The Ombudsman's final decision:
Summary: Mr X complained about the Council’s handling of his council tax accounts. He was unhappy about an attachment of earnings order, liability for council tax bills, fairness over joint liability and lack of empathy by a Council officer. The Council was not at fault with the way the Council handled Mr X’s council tax accounts or communicated with him about these matters.
- Mr X complained about the Council’s handling of his council tax accounts. He was unhappy about:
- fairness over joint liability;
- inaccurate information being given to his employer;
- the amount of one of council tax bills that he was not able to challenge because he was not given information about how to appeal; and
- a lack of empathy by the council officer dealing with his council tax accounts.
Mr X said this caused him stress, mental health problems and financial hardship.
The Ombudsman’s role and powers
- We investigate complaints about ‘maladministration’ and ‘service failure’. In this statement, I have used the word ‘fault’ to refer to these. If we are satisfied with a council’s actions or proposed actions, we can complete our investigation and issue a decision statement. (Local Government Act 1974, section 30(1B) and 34H(i), as amended)
- The law says we cannot normally investigate a complaint when someone can appeal to a tribunal. However, we may decide to investigate if we consider it would be unreasonable to expect the person to appeal. (Local Government Act 1974, section 26(6)(a), as amended)
- The Valuation Tribunal deals with appeals against decisions on council tax liability and council tax support or reduction.
How I considered this complaint
- I spoke to Mr X about his complaint and considered the information he provided;
- I considered the Council’s comments about the complaint and the supporting documents it provided;
- I considered the Council’s policies and relevant law and guidance; and
- Mr X and the Council had an opportunity to comment on my draft decision. I considered any comments received before making a final decision.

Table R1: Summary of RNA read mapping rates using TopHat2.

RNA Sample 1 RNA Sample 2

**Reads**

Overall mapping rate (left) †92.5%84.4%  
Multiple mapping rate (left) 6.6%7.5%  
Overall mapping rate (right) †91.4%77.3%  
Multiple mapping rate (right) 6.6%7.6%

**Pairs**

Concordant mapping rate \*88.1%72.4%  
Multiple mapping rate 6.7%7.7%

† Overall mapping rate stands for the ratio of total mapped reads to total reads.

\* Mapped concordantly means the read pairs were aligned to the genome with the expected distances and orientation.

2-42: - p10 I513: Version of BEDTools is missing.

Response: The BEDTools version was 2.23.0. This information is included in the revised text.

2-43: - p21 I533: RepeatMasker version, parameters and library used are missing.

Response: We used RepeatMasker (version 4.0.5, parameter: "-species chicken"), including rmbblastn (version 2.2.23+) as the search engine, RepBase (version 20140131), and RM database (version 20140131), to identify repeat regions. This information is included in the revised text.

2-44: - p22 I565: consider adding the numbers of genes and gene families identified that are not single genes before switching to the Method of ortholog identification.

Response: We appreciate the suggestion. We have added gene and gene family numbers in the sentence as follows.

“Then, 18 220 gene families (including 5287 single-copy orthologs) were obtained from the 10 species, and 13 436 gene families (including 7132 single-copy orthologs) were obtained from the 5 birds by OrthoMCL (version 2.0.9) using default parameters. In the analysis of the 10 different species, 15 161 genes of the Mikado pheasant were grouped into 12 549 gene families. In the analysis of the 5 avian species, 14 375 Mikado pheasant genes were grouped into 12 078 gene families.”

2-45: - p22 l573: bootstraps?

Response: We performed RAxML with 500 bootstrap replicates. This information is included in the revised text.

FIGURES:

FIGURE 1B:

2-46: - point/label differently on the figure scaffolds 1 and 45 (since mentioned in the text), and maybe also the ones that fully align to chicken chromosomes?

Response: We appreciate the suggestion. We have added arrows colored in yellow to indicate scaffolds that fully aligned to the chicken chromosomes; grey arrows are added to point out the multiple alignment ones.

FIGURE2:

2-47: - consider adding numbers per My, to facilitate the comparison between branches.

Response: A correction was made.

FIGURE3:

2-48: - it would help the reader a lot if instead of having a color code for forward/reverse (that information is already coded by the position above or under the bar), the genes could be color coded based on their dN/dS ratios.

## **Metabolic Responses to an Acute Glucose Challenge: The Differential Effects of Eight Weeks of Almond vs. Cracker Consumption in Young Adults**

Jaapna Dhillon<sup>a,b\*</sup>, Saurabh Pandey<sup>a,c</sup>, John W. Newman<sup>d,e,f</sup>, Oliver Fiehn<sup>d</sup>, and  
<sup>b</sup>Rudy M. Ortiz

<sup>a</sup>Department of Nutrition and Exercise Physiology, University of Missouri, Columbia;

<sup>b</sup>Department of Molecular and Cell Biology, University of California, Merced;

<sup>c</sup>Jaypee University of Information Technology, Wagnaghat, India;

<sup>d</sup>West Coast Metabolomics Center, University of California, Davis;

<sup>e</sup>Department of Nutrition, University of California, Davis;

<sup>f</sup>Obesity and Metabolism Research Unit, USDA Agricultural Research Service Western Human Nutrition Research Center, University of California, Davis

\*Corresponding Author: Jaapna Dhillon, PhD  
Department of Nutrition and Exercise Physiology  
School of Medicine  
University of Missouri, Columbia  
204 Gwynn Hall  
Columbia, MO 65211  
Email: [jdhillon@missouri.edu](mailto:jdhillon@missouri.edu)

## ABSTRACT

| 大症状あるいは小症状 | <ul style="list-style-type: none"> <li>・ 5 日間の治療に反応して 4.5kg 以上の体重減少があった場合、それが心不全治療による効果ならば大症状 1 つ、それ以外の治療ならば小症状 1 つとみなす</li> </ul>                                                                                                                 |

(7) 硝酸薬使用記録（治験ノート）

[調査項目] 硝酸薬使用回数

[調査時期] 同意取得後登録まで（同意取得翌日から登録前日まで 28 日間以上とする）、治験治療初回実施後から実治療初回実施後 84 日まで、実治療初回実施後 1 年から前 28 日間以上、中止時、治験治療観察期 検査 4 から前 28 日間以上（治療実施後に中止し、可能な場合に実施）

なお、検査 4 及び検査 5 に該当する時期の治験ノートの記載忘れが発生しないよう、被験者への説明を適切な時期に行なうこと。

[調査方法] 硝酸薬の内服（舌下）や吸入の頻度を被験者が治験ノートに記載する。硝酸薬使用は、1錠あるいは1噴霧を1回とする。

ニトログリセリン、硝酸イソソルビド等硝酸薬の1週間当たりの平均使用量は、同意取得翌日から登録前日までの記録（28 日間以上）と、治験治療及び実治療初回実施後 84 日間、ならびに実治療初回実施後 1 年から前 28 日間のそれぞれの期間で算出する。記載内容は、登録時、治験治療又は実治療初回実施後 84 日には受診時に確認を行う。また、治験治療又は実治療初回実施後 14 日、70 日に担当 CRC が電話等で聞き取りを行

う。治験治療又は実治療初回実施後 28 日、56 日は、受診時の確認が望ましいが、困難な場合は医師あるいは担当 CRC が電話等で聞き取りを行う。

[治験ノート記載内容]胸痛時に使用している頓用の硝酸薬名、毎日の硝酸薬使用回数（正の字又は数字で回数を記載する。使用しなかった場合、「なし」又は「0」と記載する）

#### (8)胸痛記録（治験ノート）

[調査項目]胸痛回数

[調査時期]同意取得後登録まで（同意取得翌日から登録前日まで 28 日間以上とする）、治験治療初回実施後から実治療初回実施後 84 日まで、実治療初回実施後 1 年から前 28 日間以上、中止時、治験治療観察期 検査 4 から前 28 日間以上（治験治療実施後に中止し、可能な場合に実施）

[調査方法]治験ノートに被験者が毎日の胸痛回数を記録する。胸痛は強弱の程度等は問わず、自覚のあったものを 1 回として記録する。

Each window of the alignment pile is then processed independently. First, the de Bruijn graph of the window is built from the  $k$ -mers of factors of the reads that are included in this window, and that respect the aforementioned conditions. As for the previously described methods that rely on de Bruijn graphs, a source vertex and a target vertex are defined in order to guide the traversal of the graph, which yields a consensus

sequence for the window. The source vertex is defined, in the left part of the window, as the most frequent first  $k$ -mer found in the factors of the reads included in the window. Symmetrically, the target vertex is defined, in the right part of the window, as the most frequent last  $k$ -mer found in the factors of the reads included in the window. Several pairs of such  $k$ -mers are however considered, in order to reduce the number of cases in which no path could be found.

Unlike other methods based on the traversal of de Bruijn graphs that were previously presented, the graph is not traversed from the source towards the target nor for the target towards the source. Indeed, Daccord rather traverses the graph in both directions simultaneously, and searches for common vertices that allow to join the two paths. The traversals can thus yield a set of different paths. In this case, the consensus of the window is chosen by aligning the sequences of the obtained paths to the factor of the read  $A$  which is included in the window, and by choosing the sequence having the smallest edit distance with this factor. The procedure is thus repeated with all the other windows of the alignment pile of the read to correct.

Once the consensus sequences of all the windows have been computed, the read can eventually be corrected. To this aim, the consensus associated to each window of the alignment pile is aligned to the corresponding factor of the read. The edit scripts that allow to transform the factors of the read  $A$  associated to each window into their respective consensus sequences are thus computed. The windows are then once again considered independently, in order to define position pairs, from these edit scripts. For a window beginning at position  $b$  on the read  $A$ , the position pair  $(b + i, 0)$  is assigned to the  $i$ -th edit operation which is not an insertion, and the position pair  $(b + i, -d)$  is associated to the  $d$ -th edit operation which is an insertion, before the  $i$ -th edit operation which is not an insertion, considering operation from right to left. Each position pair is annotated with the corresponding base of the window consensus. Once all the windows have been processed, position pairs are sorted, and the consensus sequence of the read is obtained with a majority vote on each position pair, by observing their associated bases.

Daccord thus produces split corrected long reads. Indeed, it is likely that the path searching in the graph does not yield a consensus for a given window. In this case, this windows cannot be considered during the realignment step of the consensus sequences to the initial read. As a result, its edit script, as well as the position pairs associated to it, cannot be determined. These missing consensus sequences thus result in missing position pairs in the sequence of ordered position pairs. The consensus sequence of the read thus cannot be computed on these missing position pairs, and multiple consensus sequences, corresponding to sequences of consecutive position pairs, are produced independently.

What I found
- The Council Tax (Administration and Enforcement) Regulations 1992 cover both the way councils collect council tax and the way councils can recover council tax debt.
- Under council tax law a person occupying a property is usually liable for paying council tax. Council tax is usually paid by monthly instalments. If the person does not pay an instalment the council will issue a reminder. If a payment is still not made or a further payment missed, then the entire outstanding balance will be due (that is the full amount for the rest of the year).
- A council must issue at least one reminder before issuing a summons for a liability order hearing at the magistrates’ court, which is the start of the formal court process to recover the outstanding sum.
- A liability order gives a council the legal powers to take enforcement action to collect the money owed. It can do this by taking deductions from benefits, getting an attachment of earnings (by which deductions are taken directly from earnings by an employer and passed to the council) or using bailiffs. The Council can decide which recovery method it wishes to use but it can only use one method for one liability order at one time.
- The Council Tax (Administration and Enforcement) Regulations 27 and 28 (1992) sets out who is joint and severally liable for council tax payments. This means that where two people are liable for council tax, a council can recover the full amount from either of them.
- Mr X has four council tax accounts which are or have been in arrears. Two council tax accounts are in the joint names of Mr X and his former partner. The Council has used an attachment of earnings order (AOE) to collect the arrears on one of those accounts (Property A).